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TOPIC: High-Pressure Airbags
OBJECTIVE: Understand Fundamental Lifting Principles and Practices of High-Pressure Airbags
TASK: Given a heavy object, the rescue team shall lift and stabilize the object utilizing cribbing blocks, wood timbers, and high-pressure airbags
Single-Point, Multi-Point, Tilting and Parallel Lifts
Our series on lifting heavy loads continues with this look at high-pressure rescue airbag operations. Regardless of what brand of airbag system your department has, there are certain principles of operation that are universal. The assignment presented in this lesson will be for you and your rescue team to lift a heavy object using high-pressure airbags and stabilize utilizing cribbing.
When lifting a load with airbags, your two strategic options include designing a single-point or a multi-point lift. The choice is yours to make at the incident scene based on the incident and the conditions present. A single-point lift means that the airbag(s) are placed at only one point or location beneath the object. The force of the airbag(s) creates upward force at just this one point. The other strategy, the multi-point lift, is accomplished when the lifting effort is delivered at two or more points along the object. To accomplish a multi-point lift with your airbag system, tactically you would use two airbags, but would place them in two different locations beneath the heavy object. Each lifting point is specifically selected to allow the load to be lifted simultaneously by both airbags. By controlling air flow to each individual bag, you are able to accomplish a controlled and balanced lift.
In addition to deploying either a single-point or multi-point lift for your scenario, you can design your lift strategy to accomplish a tilting lift or a parallel lift. A tilting lift is designed to raise one portion or side of a heavy object more than the other. A tilting lift would be used when just one specific area of an object needs to be raised to free a victim, for example. An example would be a scenario where a homeowner is found pinned beneath his vehicle in the driveway of his residence. The bumper jack that was holding the car up failed and the car dropped onto the backyard mechanic. With a tilting-lift strategy, rescuers would stabilize both sides of the vehicle but would only lift just one side to remove the victim.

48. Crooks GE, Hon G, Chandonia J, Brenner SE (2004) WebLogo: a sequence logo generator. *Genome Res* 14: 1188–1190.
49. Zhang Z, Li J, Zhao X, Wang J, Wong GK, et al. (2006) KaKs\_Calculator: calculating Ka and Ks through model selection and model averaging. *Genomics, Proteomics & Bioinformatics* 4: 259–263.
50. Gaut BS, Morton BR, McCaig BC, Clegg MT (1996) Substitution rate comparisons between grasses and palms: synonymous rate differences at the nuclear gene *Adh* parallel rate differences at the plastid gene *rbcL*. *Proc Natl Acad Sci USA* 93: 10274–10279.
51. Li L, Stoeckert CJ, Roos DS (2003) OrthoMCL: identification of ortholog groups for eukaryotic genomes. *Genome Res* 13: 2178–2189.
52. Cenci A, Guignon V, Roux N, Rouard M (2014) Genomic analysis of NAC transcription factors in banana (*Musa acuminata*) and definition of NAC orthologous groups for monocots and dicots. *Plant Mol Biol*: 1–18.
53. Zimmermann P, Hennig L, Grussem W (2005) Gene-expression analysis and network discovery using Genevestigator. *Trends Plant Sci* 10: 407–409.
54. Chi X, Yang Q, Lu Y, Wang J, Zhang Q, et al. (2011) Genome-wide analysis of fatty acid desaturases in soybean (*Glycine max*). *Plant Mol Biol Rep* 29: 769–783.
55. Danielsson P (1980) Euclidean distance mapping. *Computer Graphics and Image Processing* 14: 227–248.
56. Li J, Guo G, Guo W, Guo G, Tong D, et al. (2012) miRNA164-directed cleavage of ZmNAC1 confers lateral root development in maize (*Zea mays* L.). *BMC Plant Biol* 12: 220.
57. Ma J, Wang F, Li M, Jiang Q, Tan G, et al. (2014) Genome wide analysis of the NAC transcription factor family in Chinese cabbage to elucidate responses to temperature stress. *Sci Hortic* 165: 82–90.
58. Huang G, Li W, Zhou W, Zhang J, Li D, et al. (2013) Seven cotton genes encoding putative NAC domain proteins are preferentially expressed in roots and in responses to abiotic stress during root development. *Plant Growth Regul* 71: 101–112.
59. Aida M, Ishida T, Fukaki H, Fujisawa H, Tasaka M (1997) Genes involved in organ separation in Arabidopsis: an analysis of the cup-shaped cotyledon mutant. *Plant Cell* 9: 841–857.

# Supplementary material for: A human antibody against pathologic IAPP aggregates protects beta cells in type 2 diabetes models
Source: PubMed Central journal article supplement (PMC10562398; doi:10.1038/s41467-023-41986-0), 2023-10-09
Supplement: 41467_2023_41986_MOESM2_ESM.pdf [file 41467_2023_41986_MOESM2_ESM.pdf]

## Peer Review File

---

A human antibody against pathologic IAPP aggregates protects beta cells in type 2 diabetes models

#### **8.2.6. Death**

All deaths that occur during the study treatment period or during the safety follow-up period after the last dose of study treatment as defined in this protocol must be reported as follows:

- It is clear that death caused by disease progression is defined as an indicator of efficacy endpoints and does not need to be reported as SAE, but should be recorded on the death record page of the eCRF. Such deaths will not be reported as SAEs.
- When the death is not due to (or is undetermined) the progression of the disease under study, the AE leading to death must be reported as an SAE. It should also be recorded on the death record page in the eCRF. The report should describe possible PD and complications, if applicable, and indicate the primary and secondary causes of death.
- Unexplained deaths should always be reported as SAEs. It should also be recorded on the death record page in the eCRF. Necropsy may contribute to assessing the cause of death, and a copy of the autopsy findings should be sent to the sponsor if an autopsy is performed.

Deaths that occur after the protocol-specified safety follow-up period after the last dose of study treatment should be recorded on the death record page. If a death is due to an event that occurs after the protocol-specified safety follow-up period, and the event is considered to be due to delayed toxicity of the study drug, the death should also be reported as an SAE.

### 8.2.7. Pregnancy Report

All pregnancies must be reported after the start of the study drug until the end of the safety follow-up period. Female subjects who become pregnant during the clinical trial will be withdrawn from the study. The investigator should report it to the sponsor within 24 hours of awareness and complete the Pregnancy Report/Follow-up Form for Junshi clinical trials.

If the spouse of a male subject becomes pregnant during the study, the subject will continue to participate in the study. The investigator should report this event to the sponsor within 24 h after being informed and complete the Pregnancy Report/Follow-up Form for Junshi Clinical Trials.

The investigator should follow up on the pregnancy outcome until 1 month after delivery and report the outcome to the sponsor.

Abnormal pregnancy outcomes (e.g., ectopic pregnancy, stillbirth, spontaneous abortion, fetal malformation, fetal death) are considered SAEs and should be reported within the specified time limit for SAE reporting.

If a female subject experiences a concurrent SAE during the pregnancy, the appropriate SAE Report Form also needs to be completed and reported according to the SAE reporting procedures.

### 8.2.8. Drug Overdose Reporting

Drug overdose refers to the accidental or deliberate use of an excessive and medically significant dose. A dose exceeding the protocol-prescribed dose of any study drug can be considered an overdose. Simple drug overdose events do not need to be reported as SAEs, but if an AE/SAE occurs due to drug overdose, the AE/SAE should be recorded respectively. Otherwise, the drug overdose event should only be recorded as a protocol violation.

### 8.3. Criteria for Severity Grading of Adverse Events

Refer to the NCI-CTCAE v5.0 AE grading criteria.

The opposite strategy of this is called a parallel lift. A parallel lift raises the object or portion of the object that is trapping your victim evenly off the ground without causing the lifted area to be unbalanced or unlevel. Using the same man-under-car scenario, a parallel-lift strategy would have airbags placed on both sides of the vehicle near the victim. Both sides of the car near the victim would be lifted at the same time.
Single-Bag or Stacked-Bag Lift
Once the strategic decision is made as to whether the lift will be a single-point or multi-point lift and whether a parallel lift or tilting lift is desired, tactically, each lifting point can be a single airbag or a stack of two or even three airbags. The SAVA brand airbag system, for example, is designed to function in a one-, two-or three-bag lifting stack. Other systems typically work with a maximum of only two stacked bags. If two bags of unequal size are to be used together in a stack, the larger bag should be the base or bottom bag. The smaller size airbag should be positioned as the top bag.
Stacking airbags is a tricky thing and is inherently dangerous. On July 10, 2003, a 50-year-old male South Dakota volunteer firefighter, working that evening as a fire equipment salesman, died after being struck by a stacked rescue airbag when the load shifted. The victim placed a stack of three airbags under the rear bumper of a 191,000-pound front-end loader. The lift was accomplished, but as the airbags were being deflated, they shifted and burst out from under the loader. The middle airbag struck the victim on the head and chest resulting in his death.